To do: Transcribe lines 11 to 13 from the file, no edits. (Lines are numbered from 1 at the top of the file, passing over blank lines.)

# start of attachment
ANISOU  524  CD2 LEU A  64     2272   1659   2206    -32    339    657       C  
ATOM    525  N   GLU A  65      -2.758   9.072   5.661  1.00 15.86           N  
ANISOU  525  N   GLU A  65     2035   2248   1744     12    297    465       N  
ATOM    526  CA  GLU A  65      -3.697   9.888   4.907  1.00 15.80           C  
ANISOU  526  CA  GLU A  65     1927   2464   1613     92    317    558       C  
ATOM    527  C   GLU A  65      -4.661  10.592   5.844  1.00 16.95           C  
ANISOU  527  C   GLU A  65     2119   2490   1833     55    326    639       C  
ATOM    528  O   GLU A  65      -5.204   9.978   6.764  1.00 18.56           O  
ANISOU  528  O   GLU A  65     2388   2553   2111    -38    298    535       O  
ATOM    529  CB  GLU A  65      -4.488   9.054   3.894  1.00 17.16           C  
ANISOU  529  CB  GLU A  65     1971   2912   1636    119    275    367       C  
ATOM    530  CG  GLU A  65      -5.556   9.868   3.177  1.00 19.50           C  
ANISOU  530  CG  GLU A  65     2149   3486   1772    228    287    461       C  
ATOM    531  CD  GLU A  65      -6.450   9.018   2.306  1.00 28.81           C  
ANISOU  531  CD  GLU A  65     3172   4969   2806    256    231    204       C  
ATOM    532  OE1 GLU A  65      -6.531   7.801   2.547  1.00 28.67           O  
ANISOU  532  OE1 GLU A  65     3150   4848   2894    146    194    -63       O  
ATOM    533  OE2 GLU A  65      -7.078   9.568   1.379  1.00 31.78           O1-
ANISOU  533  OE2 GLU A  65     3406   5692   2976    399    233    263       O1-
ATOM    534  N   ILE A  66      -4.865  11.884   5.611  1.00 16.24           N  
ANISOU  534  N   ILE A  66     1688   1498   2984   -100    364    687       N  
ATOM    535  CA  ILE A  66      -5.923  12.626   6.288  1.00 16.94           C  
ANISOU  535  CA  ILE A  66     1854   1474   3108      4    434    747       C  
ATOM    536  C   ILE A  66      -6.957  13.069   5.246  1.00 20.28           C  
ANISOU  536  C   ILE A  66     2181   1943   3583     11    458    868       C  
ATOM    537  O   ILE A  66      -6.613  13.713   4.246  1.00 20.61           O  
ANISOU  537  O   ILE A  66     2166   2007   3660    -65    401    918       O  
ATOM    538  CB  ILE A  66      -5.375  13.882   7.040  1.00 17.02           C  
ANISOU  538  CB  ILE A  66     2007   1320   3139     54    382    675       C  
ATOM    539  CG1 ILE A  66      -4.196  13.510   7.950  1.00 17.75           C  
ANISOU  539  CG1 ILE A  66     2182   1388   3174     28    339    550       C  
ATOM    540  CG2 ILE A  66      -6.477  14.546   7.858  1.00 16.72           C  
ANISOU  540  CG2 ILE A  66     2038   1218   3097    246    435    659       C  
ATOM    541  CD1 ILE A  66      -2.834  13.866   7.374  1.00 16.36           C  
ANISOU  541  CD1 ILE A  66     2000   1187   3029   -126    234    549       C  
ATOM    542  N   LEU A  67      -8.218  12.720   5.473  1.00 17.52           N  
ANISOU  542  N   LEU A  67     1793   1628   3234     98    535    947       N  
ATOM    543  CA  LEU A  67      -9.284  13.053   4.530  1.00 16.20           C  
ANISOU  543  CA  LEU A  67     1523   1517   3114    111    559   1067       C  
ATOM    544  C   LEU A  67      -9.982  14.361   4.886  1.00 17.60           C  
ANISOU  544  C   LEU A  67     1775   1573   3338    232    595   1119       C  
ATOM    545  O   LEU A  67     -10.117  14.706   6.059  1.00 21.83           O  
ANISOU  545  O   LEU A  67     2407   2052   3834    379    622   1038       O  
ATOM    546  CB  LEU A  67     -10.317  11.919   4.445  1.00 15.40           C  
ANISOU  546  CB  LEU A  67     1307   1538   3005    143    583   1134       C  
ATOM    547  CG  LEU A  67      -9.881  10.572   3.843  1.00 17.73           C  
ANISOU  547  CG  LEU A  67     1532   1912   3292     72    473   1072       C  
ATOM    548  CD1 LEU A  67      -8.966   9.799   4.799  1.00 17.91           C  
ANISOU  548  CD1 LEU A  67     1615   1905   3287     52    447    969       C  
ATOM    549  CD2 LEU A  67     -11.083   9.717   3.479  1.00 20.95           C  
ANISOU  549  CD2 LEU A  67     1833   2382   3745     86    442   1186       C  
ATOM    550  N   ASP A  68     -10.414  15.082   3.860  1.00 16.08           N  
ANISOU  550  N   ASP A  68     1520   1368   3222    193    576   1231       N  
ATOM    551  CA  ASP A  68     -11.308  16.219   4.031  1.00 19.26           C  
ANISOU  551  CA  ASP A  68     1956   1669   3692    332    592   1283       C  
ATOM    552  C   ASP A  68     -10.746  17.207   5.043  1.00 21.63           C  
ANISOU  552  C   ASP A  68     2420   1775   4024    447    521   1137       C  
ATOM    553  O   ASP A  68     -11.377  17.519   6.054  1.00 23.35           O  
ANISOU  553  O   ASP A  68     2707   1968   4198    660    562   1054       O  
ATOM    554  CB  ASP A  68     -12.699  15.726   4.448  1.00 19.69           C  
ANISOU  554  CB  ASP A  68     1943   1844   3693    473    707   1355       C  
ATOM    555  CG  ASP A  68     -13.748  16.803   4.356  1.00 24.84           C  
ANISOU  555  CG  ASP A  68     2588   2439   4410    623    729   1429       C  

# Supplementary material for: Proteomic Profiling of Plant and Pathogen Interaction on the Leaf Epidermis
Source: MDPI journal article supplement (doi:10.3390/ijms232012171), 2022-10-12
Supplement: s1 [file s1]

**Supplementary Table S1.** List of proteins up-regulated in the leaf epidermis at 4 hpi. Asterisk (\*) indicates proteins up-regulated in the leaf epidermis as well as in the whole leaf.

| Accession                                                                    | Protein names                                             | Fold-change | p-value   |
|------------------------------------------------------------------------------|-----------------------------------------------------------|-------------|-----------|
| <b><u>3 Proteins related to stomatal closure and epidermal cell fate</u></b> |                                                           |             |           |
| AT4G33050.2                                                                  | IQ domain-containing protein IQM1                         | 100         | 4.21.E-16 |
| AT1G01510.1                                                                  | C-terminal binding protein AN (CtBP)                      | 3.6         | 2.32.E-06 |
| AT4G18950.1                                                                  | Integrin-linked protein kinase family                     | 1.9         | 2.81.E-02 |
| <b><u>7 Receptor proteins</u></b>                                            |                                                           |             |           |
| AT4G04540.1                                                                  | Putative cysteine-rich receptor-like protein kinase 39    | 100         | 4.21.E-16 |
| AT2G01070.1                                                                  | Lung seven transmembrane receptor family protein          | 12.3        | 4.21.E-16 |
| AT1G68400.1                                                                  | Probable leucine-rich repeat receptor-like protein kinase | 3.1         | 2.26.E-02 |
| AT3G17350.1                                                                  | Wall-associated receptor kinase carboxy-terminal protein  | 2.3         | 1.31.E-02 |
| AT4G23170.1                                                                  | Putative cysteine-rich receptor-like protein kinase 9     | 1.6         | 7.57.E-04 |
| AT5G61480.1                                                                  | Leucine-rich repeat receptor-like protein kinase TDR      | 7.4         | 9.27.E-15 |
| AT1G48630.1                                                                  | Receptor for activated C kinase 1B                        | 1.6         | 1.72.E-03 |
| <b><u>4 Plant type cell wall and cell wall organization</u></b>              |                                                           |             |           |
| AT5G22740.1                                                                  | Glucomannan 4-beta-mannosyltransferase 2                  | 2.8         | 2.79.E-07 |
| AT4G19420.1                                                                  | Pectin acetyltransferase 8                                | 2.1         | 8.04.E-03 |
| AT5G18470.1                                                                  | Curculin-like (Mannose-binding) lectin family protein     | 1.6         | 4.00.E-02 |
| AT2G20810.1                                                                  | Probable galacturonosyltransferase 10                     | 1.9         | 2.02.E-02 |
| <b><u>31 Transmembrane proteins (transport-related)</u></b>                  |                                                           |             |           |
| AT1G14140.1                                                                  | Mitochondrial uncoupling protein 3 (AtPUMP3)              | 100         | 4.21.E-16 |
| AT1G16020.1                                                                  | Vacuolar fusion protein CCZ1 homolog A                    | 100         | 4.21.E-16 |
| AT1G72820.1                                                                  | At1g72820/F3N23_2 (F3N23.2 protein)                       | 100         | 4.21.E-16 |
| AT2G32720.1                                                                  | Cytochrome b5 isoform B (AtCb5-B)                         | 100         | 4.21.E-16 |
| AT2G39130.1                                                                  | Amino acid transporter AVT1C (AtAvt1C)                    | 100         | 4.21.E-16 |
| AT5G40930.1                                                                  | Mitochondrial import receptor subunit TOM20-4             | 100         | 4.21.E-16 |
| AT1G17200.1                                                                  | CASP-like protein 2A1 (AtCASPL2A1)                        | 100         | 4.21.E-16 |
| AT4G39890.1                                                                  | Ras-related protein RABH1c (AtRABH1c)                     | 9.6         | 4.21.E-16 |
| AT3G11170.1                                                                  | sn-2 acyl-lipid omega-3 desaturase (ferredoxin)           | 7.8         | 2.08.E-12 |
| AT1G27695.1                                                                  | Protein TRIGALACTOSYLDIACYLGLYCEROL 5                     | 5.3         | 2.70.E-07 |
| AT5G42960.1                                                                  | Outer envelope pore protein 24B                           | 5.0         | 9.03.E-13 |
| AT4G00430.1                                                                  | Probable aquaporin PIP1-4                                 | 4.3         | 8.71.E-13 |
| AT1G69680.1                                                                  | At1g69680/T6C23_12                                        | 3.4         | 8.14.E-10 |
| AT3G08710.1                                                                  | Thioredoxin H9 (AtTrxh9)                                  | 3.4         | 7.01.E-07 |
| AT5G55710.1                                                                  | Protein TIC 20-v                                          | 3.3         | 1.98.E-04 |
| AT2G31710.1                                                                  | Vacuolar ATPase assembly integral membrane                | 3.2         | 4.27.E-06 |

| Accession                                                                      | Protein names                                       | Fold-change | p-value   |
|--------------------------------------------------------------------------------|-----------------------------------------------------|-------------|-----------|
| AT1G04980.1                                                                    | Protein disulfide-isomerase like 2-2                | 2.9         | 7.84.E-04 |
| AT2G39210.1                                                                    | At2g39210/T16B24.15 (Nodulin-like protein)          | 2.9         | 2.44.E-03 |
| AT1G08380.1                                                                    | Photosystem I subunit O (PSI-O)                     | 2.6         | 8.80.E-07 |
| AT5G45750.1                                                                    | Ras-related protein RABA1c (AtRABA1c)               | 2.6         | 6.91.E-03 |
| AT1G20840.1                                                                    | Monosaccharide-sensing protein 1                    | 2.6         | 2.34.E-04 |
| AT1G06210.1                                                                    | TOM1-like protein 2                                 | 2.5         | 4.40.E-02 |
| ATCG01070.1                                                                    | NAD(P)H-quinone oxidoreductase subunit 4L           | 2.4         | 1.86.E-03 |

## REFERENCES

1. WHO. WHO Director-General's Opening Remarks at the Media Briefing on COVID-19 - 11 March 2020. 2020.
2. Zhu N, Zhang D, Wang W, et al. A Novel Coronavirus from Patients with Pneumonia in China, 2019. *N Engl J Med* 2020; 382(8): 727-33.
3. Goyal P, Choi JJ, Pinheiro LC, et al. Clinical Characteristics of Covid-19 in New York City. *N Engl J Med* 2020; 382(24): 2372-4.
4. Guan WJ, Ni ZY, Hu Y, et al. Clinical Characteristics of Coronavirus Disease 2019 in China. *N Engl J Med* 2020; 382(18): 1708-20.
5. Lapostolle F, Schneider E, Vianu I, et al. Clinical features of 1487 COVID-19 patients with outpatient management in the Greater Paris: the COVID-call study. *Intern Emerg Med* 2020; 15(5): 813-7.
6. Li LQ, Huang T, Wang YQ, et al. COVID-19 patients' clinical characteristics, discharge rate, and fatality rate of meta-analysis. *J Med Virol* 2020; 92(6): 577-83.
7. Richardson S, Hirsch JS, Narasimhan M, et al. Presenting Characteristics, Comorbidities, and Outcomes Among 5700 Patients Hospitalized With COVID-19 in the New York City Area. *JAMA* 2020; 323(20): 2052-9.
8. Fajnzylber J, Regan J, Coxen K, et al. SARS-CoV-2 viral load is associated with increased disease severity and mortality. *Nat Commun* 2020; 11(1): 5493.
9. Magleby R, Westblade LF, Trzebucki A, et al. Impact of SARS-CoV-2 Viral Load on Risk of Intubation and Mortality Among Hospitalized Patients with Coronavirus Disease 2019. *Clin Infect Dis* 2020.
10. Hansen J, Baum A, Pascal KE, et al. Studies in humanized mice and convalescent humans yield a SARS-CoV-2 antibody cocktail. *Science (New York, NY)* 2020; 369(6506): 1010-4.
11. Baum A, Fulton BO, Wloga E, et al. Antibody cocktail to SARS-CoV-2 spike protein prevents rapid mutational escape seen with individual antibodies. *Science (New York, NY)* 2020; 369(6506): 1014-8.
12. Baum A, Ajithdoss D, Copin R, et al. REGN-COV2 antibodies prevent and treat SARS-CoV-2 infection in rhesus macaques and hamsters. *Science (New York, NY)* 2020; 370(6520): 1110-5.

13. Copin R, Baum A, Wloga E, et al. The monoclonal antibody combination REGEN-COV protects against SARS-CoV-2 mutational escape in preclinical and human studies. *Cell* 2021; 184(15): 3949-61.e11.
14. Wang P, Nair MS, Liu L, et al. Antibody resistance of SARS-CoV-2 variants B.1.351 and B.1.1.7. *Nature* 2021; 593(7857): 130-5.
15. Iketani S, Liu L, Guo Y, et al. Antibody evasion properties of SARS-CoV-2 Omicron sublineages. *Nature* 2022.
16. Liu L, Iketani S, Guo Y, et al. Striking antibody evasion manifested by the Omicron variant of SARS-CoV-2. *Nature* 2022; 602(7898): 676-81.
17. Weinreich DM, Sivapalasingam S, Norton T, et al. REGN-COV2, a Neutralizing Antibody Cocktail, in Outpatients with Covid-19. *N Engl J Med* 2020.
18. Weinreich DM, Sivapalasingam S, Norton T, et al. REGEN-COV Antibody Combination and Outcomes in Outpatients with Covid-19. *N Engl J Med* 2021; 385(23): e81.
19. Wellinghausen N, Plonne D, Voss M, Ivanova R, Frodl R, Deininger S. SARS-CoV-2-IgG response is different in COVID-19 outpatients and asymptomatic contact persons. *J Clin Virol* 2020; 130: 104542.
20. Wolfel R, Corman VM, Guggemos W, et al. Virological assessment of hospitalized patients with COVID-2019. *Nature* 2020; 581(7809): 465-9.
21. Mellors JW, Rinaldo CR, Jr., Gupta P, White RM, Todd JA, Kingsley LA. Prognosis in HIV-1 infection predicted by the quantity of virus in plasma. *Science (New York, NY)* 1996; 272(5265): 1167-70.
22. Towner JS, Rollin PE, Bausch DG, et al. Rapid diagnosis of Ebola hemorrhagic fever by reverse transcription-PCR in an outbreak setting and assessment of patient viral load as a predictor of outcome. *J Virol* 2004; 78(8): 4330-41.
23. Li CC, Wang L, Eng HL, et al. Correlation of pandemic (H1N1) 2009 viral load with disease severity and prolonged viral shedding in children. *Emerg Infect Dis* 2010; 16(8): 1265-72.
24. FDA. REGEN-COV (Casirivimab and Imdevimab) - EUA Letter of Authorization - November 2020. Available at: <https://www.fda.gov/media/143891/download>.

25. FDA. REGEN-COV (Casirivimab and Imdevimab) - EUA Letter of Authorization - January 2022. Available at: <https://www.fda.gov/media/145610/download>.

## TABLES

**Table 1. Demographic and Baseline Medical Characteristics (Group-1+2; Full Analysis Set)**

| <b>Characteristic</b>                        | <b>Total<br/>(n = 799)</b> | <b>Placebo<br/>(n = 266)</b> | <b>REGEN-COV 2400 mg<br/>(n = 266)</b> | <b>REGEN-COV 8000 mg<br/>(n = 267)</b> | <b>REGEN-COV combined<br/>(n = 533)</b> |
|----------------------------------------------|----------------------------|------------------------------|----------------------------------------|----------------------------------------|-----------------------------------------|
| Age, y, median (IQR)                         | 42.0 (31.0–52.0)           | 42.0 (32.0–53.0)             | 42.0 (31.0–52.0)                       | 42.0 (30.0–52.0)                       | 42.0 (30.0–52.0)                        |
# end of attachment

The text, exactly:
ANISOU  529  CB  GLU A  65     1971   2912   1636    119    275    367       C  
ATOM    530  CG  GLU A  65      -5.556   9.868   3.177  1.00 19.50           C  
ANISOU  530  CG  GLU A  65     2149   3486   1772    228    287    461       C  